Matthew T. YUNK, Lance Corporal
U.S. Marine Corps, Appellant

No. 99-0695

Crim. App. No. 98-0228

United States Court of Appeals for the Armed Forces

Argued December 8, 1999

Decided June 29, 2000

COX, S.J., announced the judgment of the Court and delivered an opinion in which CRAWFORD, C.J., joined. GIERKE, J., filed an opinion concurring in the result. SULLIVAN and EFFRON, JJ., each filed a dissenting opinion.


For Appellant: Lieutenant John D. Holden, JAGC, USNR (argued).

For Appellee: Major Mark K. Jamison, USMC (argued); Commander Eugene E. Irvin, JAGC, USN, and Colonel Kevin M. Sandkuhler, USMC (on brief).

Military Judges: R.K. Fricke and J.F. Blanche

This opinion is subject to editorial correction before publication.
Senior Judge COX announced the judgment of the Court and delivered an opinion in which Chief Judge CRAWFORD joined.

Appellant’s contention is that the Court of Criminal Appeals, after finding that appellant had served 11 days of illegal pretrial confinement, erred in failing to reduce his sentence sufficiently to effect meaningful compensation.1 On initial appeal before that court, appellant claimed, for the first time, that 11 of his 142 days of pretrial confinement were served under conditions so unnecessarily onerous as to constitute illegal pretrial punishment; and the court ultimately agreed.2 Appellant contends that the court should have set aside his bad-conduct discharge; however, in reassessing sentence, the court declined to do so. We are satisfied that the court did not abuse its discretion in this regard, and we affirm.

Appellant was tried by a general-court martial, military judge alone, at Marine Corps Base, Camp Pendleton, California. Pursuant to a pretrial agreement, he pleaded guilty to using amphetamine/methamphetamine; possessing and distributing methamphetamine; and violating federal law by using a telephone to facilitate a drug distribution.3 In exchange for the pleas, the Government did not go forward with the prosecution of other drug offenses also referred to that court-martial.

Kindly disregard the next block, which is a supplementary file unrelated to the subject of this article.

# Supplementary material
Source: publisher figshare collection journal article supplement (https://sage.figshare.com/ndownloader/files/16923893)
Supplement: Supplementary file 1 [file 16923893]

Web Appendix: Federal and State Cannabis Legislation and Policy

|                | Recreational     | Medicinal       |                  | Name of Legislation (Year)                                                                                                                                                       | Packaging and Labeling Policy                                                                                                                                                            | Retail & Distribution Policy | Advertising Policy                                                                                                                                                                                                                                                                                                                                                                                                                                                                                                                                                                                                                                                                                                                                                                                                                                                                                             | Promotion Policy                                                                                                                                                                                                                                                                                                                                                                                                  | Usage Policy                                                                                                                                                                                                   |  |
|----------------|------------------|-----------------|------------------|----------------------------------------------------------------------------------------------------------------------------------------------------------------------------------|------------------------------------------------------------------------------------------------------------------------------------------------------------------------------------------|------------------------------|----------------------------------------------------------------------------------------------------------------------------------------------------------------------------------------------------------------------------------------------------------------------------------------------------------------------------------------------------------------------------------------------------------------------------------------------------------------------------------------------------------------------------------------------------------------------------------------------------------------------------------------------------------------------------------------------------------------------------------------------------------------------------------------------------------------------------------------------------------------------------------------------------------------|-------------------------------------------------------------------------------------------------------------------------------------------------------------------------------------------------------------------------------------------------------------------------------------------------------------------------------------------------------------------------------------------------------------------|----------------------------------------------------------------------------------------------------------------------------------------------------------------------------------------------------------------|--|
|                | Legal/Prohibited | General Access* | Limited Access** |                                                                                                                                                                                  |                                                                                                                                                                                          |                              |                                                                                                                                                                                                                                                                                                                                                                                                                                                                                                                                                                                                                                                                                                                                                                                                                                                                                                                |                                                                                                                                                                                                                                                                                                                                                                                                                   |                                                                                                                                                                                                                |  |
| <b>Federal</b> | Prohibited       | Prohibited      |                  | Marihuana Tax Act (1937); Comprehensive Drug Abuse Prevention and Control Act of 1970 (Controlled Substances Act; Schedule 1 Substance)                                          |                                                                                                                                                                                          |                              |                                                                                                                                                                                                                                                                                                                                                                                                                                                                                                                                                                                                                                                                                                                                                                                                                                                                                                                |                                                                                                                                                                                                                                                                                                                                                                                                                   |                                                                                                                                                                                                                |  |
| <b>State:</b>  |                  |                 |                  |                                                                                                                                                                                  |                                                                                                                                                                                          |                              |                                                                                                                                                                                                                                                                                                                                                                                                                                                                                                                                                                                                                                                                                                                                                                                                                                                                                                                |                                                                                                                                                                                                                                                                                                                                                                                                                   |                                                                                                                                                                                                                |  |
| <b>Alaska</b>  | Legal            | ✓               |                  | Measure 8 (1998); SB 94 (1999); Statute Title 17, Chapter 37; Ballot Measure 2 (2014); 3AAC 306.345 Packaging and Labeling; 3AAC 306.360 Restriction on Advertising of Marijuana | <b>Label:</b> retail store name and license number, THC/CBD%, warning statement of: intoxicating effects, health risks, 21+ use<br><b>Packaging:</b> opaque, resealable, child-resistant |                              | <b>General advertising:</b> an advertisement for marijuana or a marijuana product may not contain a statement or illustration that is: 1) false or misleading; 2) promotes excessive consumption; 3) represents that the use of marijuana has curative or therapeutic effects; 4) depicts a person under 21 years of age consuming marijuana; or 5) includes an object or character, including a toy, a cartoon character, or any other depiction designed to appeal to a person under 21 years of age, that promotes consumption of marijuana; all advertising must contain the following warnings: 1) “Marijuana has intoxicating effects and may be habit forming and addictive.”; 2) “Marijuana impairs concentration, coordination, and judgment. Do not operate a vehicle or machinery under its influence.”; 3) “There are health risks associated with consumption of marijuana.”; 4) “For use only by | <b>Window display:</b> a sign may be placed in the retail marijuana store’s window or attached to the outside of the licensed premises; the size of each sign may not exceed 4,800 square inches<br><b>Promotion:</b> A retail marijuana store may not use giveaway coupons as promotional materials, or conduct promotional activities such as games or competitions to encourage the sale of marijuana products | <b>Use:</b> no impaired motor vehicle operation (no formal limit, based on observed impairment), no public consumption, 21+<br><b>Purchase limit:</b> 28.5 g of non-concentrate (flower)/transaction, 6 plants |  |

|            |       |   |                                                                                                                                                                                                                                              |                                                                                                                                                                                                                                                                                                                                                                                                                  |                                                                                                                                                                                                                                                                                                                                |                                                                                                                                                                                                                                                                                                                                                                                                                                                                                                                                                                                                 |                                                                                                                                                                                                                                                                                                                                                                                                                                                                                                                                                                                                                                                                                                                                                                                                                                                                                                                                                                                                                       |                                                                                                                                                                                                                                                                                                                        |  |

On August 19, 1997, the military judge sentenced appellant to reduction to E-1, total forfeitures, confinement for 30 months, and a bad-conduct discharge. The judge specifically awarded appellant day-for-day credit against sentence to confinement for the 142 days appellant served in pretrial confinement. On January 12, 1998, after considering several posttrial submissions by the defense, the convening authority approved the sentence and, in accordance with the pretrial agreement, suspended confinement in excess of 24 months.

After being granted at least eight motions for enlargement of time to file pleadings by the Court of Criminal Appeals, appellant, through counsel, filed an initial Brief and Assignment of Error with that court on January 6, 1999. On the same date, he moved to attach certain documents to the record.

The Government responded on March 5, 1999, after requesting and receiving a 1-month enlargement of time.

The Court of Criminal Appeals rendered its opinion on March 31, 1999. By that time, several things had changed. First, as a consequence of the credit he received for pretrial confinement and the good time credit he received in posttrial confinement, appellant had completed his service of confinement. Thus, there was no way the court could meaningfully shorten time served.

Second, by operation of Article 58a, UCMJ, 10 USC § 858a, and § 0152 of the Manual of the Judge Advocate General of the Navy, any sentence that included either a punitive discharge or confinement in excess of 3 months automatically reduced appellant’s pay grade to E-1. Thus, unless the Court of Criminal Appeals were to both set aside appellant’s punitive discharge and reduce his confinement (theoretically) to 3 months or less, there was no way the court could mitigate rank reduction.

Third, by operation of Article 58b, UCMJ, 10 USC § 858b, any sentence that included either confinement for more than 6 months or a punitive discharge automatically resulted in total forfeitures. Thus, unless the Court of Criminal Appeals were to both set aside appellant’s punitive discharge and reduce his confinement (theoretically) to 6 months or less, there was no way the court could mitigate forfeitures.

In fact, what the Court of Criminal Appeals purported to do was compensate appellant for the 11 days by reducing his forfeitures from total to $600 pay per month for 30 months. However, because appellant’s forfeitures were total by operation of Article 58b, the purported reduction had no positive effect for appellant.